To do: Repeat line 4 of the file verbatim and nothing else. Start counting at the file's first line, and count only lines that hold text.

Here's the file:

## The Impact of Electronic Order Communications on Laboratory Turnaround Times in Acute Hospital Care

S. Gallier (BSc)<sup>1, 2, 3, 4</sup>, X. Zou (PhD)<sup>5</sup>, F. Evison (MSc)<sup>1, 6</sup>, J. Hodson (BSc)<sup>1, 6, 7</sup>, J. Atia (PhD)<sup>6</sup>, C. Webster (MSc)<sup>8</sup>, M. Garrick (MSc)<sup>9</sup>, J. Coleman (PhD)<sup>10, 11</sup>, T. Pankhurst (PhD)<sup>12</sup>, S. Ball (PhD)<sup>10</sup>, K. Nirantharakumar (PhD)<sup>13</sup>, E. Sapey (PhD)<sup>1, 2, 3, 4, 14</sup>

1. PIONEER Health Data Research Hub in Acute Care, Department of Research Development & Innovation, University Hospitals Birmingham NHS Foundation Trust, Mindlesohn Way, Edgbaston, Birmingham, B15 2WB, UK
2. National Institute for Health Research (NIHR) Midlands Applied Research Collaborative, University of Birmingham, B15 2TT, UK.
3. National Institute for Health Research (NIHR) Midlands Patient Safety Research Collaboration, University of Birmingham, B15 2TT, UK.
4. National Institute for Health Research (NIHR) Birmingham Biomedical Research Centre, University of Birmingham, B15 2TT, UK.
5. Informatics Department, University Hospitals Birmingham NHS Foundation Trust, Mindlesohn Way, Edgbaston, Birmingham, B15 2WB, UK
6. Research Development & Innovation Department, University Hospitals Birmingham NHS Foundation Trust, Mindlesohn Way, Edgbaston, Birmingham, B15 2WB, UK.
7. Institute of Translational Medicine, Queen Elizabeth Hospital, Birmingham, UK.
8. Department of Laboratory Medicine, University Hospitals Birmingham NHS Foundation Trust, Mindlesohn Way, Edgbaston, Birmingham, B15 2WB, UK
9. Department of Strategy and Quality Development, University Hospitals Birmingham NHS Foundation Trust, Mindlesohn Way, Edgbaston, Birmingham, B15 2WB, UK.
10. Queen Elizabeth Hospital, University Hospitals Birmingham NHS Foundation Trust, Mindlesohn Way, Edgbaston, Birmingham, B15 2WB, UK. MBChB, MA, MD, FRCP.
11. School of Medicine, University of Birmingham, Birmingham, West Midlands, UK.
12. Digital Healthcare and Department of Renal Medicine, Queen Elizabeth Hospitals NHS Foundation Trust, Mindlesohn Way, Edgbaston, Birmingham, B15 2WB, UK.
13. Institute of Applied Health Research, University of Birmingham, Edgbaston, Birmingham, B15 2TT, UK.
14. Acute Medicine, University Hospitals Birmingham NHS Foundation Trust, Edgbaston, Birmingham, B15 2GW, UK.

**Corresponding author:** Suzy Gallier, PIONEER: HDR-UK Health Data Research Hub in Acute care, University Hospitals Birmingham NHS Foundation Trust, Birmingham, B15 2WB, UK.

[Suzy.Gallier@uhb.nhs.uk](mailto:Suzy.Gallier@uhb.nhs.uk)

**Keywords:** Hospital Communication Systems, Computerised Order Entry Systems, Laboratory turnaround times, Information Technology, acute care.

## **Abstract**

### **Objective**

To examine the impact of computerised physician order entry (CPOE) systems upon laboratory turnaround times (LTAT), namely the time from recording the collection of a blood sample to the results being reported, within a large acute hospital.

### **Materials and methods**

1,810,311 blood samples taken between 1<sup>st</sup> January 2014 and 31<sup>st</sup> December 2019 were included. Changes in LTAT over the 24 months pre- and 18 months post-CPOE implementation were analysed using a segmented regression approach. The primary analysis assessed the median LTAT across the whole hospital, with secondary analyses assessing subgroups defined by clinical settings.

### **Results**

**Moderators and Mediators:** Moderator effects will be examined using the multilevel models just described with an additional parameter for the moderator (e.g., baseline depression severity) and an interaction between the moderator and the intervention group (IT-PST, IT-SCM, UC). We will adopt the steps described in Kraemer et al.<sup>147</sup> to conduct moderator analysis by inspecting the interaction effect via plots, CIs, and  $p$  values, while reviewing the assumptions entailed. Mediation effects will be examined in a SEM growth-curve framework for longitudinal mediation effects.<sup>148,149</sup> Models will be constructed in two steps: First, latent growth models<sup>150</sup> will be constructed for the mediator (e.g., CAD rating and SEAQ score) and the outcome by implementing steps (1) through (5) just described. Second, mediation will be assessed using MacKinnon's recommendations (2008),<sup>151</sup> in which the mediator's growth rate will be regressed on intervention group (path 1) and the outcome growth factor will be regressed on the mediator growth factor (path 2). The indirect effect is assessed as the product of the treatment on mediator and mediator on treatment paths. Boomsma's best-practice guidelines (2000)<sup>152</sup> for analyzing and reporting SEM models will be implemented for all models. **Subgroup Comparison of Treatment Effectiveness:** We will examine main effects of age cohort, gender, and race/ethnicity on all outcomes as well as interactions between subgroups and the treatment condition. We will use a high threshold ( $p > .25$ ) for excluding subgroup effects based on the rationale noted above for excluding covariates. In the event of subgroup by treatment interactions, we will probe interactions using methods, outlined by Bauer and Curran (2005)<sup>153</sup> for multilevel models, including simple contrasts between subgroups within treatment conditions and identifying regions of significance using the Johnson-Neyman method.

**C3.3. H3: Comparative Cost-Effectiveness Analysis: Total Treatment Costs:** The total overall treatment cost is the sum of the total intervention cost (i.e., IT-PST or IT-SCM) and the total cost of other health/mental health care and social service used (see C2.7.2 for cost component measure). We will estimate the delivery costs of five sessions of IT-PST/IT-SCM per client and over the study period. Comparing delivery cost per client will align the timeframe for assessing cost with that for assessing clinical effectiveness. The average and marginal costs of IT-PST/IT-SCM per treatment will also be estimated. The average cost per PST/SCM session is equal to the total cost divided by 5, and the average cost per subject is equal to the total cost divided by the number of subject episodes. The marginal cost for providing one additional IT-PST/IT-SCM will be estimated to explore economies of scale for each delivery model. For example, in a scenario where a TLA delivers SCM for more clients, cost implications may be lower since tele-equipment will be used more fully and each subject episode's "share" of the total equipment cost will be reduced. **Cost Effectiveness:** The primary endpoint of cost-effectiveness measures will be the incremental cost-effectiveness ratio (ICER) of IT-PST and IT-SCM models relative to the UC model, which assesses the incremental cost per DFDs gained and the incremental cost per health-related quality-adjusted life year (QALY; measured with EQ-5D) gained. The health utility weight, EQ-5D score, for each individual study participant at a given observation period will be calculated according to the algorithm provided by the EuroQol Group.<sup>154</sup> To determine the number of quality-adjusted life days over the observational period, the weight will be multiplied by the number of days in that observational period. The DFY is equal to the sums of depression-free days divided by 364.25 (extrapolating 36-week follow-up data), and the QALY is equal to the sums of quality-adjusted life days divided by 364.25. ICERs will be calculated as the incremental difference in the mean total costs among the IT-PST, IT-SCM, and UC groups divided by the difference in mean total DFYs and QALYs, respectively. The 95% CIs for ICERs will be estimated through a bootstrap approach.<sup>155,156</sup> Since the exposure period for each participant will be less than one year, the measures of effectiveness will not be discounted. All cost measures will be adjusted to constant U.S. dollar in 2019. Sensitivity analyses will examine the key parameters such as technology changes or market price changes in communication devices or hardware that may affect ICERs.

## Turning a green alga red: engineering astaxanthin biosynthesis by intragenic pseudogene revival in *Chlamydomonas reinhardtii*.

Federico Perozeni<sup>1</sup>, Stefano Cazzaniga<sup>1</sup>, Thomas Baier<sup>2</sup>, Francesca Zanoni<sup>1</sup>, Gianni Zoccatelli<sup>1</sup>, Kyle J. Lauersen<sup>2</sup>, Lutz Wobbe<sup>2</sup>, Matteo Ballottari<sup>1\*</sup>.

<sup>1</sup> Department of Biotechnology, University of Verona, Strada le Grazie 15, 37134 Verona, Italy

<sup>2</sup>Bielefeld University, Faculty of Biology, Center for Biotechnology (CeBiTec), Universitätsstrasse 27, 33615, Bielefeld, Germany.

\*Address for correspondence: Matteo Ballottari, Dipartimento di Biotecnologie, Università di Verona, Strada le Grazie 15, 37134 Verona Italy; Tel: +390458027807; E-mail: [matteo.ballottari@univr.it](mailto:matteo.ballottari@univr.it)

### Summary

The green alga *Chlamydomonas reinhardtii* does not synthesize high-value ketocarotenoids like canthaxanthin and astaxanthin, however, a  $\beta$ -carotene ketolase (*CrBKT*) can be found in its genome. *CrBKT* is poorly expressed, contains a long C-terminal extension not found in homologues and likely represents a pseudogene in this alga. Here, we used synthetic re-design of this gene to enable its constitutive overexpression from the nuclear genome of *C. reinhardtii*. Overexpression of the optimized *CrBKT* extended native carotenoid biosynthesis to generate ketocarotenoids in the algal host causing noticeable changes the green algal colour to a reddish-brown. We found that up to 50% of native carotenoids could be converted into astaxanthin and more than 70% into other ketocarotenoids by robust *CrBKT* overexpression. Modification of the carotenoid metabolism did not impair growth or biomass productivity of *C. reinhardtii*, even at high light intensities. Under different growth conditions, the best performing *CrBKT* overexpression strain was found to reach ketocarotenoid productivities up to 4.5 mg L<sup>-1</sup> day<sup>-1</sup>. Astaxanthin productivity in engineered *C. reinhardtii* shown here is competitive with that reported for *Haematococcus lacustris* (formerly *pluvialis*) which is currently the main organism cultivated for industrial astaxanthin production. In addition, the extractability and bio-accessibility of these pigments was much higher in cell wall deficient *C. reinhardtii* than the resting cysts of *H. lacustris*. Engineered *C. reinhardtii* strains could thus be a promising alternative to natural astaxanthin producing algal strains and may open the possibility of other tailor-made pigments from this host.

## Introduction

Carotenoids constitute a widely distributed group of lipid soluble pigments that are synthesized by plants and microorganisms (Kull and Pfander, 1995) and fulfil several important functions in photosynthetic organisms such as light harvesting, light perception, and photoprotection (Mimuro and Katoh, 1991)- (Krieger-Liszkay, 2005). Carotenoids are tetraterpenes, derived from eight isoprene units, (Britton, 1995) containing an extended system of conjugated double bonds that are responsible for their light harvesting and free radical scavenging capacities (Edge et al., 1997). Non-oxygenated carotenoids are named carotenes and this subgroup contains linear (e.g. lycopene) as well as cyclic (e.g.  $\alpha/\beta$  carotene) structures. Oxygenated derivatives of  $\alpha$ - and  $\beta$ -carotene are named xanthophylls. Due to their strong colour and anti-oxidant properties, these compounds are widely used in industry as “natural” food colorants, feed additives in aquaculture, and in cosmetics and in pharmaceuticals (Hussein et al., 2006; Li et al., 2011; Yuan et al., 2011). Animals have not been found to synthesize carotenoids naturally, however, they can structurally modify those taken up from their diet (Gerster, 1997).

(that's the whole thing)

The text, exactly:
2. National Institute for Health Research (NIHR) Midlands Applied Research Collaborative, University of Birmingham, B15 2TT, UK.